Influence in Asia:

The fact remains that China’s unprecedented economic rise since 1979 and its sprawling global footprints have certainly raised eyebrows, triggering some geo political friction between the US and China in East Asia, not to speak of, in South East Asia as also in central Asia including Afghanistan, which has now emerged as a country of “strategic importance” seeking support and friendship and therefore snuggled up by China since its blitzkrieg takeover by Talibans in the mid-August 2021 following a hasty retreat by America.

It is quite conceivable that the US – China trade and investment ties remain robust and enduring doing everyday business transactions of US$ 2 billion till the pandemic broke out at the end of 2019.

Even last year, China was America’s largest goods trading partner, third largest export market and largest source of imports.

Exports to China supported an estimated 1.5 million jobs in the United States in 2019.

China also is the largest source of international students in the United States.

A record 4 hundred thousand Chinese students were in America in 2020 representing 35% of international students in colleges and universities.

Of them, many of the top scorer Chinese students have chosen to stay in the US following graduation thus contributing to America’s scientific, technological and economic development.

It remains to be seen if this trend will continue.

Competitive Interdependence:

The dense cobwebs of relations formed by trade, finance, scientific and academic links between these two global powers – one ruling and the other rising will make it difficult for one side to inflict harm on the other at the expense of itself.

President Joe Biden likely will use the challenges posed by China as a stimulus or motivation for his domestic resilience agenda.

The Biden team is fully aware and is inclined to take proactive steps to realize progress on serious global challenges like climate change, pandemics and inclusive global economic recovery undergirded by pragmatic lead efforts working in lockstep even with “non-democratic states” cognizant as we are all living in a multipolar world. US-China overall relations, far from smooth-sailing in the foreseeable future are poised to be hard-nosed and fraught.

Neither side is likely to buckle and offer concessions for smoother relations, hardening competition that pervades alongside a mutual awareness that both sides will be impacted for good or ill by their capacity to address common challenges.

It is no secret that the Biden administration has called managing/navigating relationship with Beijing, the biggest geo-political test of the 21st century.

Sino-American relations are vitally important for Asia and the World:

It is no brainer that China and America are, by any yardstick, world’s two richest and strongest countries and, therefore, have wide leverage and pull strings, wielding sizeable influence on all countries in opposing directions.

Further, if they work in tandem and get along well, Asia’s future will be promising, which in turn will do a “world of good” to the global community and if they squabble, locked in conflict and behave badly, they will spell doom, bringing curse to Asia and the world in general, affecting adversely global peace and prosperity.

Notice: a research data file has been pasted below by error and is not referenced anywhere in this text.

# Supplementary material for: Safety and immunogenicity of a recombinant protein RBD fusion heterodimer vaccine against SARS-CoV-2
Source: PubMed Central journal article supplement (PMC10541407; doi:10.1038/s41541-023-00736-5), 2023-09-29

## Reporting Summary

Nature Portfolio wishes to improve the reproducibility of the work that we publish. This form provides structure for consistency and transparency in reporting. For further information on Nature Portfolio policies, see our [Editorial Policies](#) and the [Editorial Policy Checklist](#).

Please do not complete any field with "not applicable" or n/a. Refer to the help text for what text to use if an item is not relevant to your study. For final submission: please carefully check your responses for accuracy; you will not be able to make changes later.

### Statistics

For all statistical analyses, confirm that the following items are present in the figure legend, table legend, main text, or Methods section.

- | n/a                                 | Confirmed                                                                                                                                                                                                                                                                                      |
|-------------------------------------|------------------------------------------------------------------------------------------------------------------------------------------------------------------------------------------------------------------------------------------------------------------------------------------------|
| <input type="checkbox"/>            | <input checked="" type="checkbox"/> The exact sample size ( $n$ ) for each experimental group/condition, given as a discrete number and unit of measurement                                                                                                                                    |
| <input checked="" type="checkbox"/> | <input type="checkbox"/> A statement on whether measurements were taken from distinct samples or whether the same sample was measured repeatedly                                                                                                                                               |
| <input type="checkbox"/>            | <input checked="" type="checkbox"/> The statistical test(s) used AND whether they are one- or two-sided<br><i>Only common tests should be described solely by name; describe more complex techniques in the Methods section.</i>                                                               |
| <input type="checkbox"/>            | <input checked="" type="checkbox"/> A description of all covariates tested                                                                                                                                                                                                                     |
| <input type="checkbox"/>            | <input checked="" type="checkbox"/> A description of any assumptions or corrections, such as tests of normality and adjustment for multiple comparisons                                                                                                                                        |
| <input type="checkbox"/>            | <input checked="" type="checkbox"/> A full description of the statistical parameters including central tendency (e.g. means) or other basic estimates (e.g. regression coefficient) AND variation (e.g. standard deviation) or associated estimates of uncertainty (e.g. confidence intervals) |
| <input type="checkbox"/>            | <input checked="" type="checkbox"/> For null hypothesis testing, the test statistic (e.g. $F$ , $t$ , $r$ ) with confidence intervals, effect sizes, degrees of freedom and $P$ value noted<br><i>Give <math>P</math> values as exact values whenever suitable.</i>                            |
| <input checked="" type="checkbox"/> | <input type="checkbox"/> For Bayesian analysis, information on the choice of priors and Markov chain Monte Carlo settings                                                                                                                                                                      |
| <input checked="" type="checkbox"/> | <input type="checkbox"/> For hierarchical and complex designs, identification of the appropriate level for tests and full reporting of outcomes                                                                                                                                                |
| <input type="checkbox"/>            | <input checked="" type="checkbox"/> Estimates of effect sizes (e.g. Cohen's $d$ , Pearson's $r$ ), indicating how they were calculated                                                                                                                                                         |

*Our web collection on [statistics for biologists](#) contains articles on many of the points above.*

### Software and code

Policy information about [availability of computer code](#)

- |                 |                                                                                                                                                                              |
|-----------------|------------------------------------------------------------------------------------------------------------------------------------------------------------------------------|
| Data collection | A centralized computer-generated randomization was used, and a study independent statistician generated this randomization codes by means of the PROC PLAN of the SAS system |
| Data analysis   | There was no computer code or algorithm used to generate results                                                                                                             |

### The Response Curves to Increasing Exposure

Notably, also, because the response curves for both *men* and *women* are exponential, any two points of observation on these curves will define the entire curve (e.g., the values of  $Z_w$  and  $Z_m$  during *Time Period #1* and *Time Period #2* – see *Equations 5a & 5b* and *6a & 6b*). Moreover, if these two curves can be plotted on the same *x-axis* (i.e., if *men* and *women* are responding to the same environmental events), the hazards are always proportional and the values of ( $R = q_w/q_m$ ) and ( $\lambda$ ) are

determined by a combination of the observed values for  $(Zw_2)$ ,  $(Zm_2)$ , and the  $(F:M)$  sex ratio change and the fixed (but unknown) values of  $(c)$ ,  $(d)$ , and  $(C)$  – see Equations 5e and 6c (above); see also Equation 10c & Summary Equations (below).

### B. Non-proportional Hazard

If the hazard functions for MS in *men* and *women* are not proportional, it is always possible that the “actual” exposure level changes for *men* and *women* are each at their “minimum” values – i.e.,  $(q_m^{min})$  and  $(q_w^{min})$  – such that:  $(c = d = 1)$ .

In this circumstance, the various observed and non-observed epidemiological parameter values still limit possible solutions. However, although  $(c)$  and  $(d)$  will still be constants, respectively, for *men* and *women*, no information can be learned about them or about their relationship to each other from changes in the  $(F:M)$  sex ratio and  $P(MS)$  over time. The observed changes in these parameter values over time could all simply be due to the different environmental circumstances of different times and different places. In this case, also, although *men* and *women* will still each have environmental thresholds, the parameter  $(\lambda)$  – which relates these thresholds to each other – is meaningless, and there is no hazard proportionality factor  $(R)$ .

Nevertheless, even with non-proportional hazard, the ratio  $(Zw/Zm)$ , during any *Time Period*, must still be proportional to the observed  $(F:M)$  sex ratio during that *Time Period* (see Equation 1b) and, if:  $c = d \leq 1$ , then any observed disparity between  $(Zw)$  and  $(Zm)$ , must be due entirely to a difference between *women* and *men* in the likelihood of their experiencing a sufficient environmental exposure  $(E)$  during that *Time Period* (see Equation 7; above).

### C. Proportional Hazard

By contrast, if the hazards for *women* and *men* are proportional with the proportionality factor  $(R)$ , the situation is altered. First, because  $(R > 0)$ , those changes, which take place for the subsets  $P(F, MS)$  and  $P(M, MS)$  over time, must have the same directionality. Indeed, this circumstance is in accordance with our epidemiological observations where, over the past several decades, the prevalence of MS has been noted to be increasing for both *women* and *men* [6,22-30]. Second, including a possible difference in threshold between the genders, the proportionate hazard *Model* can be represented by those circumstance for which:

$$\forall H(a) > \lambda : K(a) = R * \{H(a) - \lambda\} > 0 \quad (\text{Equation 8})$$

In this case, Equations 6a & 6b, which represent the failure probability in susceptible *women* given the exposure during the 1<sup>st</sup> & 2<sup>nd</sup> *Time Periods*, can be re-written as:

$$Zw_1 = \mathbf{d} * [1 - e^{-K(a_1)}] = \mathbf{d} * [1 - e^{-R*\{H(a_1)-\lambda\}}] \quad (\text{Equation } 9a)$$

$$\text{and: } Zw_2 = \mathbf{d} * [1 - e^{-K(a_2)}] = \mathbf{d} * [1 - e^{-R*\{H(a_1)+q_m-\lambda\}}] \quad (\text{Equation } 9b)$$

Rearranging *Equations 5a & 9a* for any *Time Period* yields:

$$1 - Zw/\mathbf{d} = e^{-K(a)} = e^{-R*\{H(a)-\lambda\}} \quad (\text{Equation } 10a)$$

As their trade and economies are closely interlinked, happy Sino-American relations will certainly be in the broader interests of the Asian population consisting far more than half of the global 8 billion planetary inhabitants.

Does Asia deserve many more decades of peace and stability or will it be headed for conflict, disputes and confrontation?
The answers are not all clear-sighted now. Everything largely and squarely depends on how Washington and Beijing responsibly make choices and rolls out policies to accommodate the other.

Only by working together in the global high table including in multilateral institutions can they make accommodations needed to pave the way for creative cooperation and constructive future.

Both have equal stakes and so share responsibility to work with each other and thereby contribute to maintaining equitable international order.

There are now no two opinions that it does not take long for China to have a large economy than America and also that it is indisputable that by midcentury, political scientists share the view that China’s GDP could be almost double America’s.

As China grows rich, it becomes stronger and more powerful adding to its capability to invest more to its state-of-the-art technology, cutting-edge of knowledge and development and shore up its military prowess.

This will then invariably tilt the global balance of power shaping up permutations, configuration and combinations in nations across the world.

China, once it gets a foothold with its global footprints and as it becomes rich and stronger, the calculations and algorithms would change thus allowing China to use its new-found power to veto decisions in global institutions including in the United Nations.

This shift of power gradually from the West to the East is not necessarily by America’s decline but is driven by China’s unprecedented economic ascent and while all this happens, America has closed options but to tolerate or accept.

On closer examination, a wiser US-China statesmanship would be: mutual accommodation, meaning – America can remain in Asia on a shared basis, ceding China a larger role, at the same time, maintaining a stronger presence of its own, other than blocking China and preserve its status quo in Asia.